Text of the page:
War is certainly not inevitable, but things are the worst they have been in a very, very long time.

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It seems that if they have the military capabilities we think they do - and this is not a given, as they may have exaggerated their strength - then it is virtually impossible - short of a preemtive nuclear strike - to wipe out all the artillery aimed at Seoul and Japan before they are able to do major damage and cause tens of thousands of deaths in South Korea and possibly in Japan.

A normal areal bombardment to wipe out the artillery would first require the US to destroy the North Korean air defences, and this could take several weeks. During this time, artillery fire would be raining down on Seoul.

I remember once there was speculation that the Russians had sold the North Koreans some of their AA batteries in the 1990s, but that it didn't look like they'd received anything since. If that's the case, the US has very little to worry about. The general consensus seems to be that North Korean air defences are poor (maybe even worse than Syria's) and would be swept aside very quickly. In addition, the North Korean artillery is very close to the border, well within artillery range from the south and certainly within cruise missile range. Hitting Pyongyang might be riskier, but hitting the forward positions would be relatively straightforward.

One American-South Korean contingency plan (potentially with Japanese support) apparently puts 650 planes in the skies over North Korea simultaneously, along with artillery, coastal and cruise missile strikes on the artillery positions, AA and North Korean aircraft facilities, all without prior warning (because North Korea's strategic strength depends on first strike capability: give North Korea an ultimatum or a warning of when they'll be hit and they will attack first). It might not be enough, but it would put an overwhelming dent in North Korea's ability to retaliate.

It's worth remembering at this point that North Korea is quite small. It's 124 miles from Pyongyang to Seoul, less than 200 miles from the DMZ to the Chinese border. It's 46,000 square miles, which is slightly smaller than Greece and slightly bigger than Malawi, and about half the size of the UK. Or in American terms about the same size as Mississippi, slightly larger than Pennsylvania and slightly smaller than New York State. We're not talking about Iraq-sized distances here.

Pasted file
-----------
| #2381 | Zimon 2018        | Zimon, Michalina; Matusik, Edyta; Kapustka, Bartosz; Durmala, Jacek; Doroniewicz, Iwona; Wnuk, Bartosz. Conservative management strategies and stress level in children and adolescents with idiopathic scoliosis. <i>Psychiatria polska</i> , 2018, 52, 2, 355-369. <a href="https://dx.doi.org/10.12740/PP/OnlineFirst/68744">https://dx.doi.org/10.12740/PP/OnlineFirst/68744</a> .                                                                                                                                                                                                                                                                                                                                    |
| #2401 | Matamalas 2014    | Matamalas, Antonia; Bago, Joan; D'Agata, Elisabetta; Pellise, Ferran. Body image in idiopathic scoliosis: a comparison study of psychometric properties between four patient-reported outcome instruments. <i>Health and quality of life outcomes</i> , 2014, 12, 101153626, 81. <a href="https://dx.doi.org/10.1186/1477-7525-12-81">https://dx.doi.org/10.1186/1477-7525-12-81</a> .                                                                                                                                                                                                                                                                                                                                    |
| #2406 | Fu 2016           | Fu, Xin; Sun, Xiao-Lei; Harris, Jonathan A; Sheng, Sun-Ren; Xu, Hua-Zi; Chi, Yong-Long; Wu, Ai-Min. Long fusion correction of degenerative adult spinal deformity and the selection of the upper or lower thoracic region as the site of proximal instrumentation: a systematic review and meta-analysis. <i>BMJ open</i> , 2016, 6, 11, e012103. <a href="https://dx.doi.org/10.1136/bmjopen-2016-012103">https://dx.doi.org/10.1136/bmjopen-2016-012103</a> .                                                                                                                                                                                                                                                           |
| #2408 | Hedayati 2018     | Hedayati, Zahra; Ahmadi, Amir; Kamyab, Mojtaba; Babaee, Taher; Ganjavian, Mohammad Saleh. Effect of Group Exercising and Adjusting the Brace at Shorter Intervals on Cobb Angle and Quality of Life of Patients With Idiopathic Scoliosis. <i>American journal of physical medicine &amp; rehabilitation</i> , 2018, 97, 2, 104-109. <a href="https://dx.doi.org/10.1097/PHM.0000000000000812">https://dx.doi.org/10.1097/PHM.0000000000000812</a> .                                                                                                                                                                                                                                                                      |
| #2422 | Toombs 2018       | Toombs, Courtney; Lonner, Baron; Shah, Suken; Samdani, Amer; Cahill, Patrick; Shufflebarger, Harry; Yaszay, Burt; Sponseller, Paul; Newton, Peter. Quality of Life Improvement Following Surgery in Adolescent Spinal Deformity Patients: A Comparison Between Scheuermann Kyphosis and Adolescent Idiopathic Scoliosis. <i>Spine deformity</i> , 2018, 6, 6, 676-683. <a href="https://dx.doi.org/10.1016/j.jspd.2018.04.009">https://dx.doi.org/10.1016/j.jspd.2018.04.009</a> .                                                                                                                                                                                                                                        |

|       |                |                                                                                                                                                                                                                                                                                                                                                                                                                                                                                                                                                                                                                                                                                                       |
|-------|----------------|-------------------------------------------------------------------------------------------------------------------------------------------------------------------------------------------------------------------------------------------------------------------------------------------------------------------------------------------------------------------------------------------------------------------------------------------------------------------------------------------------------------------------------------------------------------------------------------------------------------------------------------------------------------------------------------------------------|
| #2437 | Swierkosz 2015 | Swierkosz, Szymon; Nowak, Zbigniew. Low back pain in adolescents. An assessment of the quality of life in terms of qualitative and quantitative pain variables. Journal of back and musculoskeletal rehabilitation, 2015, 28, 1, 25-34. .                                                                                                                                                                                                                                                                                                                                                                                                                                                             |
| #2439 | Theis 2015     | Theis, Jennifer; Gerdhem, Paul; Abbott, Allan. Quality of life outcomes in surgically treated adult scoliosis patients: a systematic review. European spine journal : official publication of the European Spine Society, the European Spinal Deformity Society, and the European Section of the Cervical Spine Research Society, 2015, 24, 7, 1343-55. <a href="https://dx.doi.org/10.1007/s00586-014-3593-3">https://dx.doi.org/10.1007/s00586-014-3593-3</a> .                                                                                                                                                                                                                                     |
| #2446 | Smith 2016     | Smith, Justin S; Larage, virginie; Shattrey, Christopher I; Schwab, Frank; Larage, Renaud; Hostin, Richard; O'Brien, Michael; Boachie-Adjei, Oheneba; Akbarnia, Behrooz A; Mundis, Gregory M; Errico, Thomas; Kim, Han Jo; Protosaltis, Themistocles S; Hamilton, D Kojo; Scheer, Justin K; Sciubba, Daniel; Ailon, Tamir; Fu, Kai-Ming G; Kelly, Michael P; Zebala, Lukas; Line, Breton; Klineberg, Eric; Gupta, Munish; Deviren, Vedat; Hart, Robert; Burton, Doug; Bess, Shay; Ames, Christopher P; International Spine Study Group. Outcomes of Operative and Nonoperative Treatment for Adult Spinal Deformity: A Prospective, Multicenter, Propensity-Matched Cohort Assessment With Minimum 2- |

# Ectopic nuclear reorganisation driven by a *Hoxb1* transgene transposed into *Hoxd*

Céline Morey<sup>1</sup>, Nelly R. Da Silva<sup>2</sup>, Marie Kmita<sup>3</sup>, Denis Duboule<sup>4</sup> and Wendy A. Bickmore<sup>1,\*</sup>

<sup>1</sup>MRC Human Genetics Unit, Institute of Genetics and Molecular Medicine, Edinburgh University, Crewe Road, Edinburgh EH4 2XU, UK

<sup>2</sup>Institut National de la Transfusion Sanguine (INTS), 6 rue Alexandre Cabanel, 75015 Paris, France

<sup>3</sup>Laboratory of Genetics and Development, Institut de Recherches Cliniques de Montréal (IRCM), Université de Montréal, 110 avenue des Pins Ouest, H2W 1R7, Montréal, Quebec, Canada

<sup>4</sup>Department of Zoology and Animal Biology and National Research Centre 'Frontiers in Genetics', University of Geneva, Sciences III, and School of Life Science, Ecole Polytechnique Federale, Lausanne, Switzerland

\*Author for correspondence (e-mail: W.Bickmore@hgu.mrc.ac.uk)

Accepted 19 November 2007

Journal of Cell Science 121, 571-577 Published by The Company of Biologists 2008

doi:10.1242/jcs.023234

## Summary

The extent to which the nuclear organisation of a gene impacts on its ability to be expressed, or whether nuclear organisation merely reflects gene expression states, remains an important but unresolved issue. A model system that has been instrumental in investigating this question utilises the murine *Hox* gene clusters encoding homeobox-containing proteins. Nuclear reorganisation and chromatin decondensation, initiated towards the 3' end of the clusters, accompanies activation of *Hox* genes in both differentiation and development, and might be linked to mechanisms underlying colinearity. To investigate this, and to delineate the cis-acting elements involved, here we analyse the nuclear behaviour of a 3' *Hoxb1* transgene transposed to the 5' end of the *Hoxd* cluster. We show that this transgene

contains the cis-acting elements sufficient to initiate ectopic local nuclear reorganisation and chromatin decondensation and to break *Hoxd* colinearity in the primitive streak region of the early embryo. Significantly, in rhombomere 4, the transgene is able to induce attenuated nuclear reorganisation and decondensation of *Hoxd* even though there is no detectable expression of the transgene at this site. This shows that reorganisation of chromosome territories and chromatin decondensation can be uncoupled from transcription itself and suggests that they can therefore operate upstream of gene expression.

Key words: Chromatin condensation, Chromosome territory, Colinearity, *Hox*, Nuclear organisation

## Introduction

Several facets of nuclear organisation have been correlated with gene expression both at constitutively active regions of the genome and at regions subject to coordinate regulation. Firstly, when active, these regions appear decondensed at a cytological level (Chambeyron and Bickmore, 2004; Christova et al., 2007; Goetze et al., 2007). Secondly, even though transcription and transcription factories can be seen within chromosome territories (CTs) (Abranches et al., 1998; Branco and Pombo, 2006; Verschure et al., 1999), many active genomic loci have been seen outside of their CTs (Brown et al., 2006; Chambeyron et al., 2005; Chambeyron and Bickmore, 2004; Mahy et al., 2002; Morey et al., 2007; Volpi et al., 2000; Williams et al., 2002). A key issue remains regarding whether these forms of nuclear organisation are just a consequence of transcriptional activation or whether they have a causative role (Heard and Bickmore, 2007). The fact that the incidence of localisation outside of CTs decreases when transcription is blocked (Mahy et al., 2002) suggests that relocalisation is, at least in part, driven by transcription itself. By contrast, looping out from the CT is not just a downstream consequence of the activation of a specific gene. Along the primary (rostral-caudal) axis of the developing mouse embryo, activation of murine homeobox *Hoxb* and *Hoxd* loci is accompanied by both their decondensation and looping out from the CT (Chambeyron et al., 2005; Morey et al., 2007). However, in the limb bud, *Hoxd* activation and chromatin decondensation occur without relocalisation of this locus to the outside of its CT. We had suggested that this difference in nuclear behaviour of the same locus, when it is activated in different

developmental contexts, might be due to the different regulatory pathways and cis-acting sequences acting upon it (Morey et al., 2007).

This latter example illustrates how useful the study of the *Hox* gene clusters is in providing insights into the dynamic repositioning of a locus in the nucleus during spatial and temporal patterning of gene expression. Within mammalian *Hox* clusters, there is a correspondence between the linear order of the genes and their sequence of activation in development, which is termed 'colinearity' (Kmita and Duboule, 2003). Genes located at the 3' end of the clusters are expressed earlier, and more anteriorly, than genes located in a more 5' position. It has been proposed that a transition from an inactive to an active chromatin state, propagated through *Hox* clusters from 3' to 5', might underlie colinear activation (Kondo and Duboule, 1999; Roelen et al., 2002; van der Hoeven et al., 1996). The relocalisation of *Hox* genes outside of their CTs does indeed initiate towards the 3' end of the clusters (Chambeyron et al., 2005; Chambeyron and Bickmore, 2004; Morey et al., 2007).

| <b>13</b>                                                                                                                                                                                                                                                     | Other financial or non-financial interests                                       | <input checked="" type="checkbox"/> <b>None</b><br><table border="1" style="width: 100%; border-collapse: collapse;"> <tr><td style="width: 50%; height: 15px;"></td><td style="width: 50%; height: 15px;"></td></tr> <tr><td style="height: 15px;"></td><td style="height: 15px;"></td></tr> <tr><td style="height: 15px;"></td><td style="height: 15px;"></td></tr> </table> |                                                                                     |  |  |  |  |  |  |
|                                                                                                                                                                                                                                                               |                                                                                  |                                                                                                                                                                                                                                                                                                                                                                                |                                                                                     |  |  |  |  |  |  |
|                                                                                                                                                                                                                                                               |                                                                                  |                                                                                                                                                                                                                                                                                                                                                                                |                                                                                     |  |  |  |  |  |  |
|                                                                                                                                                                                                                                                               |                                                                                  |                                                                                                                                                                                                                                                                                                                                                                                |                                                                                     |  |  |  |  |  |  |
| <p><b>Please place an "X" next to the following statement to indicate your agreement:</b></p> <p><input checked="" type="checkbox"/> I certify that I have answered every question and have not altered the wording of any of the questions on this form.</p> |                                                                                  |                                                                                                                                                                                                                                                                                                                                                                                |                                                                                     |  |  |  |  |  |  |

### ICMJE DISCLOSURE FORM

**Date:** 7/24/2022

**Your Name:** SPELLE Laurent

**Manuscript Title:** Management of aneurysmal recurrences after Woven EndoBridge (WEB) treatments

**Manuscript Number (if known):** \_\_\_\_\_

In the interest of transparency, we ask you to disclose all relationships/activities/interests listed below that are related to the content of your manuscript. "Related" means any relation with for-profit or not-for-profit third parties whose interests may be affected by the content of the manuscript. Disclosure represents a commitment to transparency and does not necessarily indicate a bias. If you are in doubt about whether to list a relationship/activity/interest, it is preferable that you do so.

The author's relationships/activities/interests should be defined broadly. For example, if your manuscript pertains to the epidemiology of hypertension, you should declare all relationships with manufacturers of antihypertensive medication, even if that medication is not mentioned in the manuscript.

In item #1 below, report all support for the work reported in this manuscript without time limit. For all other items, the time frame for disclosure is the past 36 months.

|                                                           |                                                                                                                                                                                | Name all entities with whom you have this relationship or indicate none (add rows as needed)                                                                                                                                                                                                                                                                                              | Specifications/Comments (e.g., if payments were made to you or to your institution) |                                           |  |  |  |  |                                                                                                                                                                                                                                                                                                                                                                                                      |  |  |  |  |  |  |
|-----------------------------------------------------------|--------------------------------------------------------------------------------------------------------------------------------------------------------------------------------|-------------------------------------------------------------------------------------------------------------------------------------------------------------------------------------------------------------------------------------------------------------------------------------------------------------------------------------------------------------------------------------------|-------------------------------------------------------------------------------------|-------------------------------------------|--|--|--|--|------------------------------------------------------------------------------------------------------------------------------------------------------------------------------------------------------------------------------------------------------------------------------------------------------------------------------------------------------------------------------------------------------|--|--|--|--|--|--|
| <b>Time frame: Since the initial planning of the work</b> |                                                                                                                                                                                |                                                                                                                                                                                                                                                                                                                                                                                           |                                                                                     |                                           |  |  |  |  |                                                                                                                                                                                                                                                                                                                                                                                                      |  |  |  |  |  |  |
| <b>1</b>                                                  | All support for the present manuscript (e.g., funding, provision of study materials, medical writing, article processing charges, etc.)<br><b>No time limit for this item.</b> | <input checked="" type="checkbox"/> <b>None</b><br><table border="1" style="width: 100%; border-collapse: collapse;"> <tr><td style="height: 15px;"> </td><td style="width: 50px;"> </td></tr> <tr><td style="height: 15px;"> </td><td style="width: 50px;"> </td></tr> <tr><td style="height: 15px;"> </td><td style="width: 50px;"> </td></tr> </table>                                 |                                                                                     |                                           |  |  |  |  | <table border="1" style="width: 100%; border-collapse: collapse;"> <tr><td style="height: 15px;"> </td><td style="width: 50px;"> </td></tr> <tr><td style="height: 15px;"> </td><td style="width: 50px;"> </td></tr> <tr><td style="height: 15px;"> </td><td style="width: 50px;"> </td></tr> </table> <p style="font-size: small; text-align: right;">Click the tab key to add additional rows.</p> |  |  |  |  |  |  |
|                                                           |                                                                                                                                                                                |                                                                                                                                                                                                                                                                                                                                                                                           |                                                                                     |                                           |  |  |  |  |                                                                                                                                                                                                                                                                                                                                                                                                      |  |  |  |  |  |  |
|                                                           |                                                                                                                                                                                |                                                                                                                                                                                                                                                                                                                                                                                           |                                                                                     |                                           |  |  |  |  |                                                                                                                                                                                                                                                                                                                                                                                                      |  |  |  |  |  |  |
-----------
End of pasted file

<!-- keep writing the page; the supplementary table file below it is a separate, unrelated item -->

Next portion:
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I heard on CNN that the Korean Blue House (their equivalent of the White House) is closer to the DMZ than the White House is to Dulles Airport.

To the border? Yes, just, but that's the maritime border. To the DMZ, not quite (it's like 2 miles further than from the White House to Dulles). It's pretty close though, around 23 miles. The border turns north from the sea though, so it quickly gets a lot further away, and the North Koreans don't have their best artillery there, where the South Koreans and US could wipe it out with a shore bombardment, let alone anything else.

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But they don't have several hundred obsolete pieces. They have thousands, dug into the mountains and protected by blast doors that close during reloading. According to STATFOR, every volley would be equivalent to 11 B52 payloads. 

North Korea has between 10,000 and 20,000 artillery pieces dug into the DMZ, so assuming a cycle rate of the guns firing by thirds and a 25% failure rate (which seems about right given the type of artillery), if they all hit one target that would indeed be equal to about 11 B-52 payloads. But they can't. About 600 can reach Seoul. There are other towns, villages and military bases along the border, but North Korean artillery accuracy - lacking recon, satellite, aircraft or even balloon spotting - will not be very good, so the primary threat will be against Seoul because they can't reliably hit anything else, and even their best, longest-range guns can barely reach the city centre. The northern suburbs would take a pounding, but the population is also a lot more dispersed.

The main risk in all of this isn't Seoul being blown away in a sea of fire or hundreds of thousands of deaths resulting from a conventional attack, but North Korea's biological, chemical and nuclear capabilities. We're pretty certain that they can't put their nuclear weapons on missiles or shells, but getting that wrong would be catastrophic. North Korea's gas and biological capabilities are a lot less certain, which is why there's tons of gas masks in every metro station and many buildings in Seoul.

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What I find perplexing is the length of time people are willing to put up with despots in the absence of external intervention to remove him.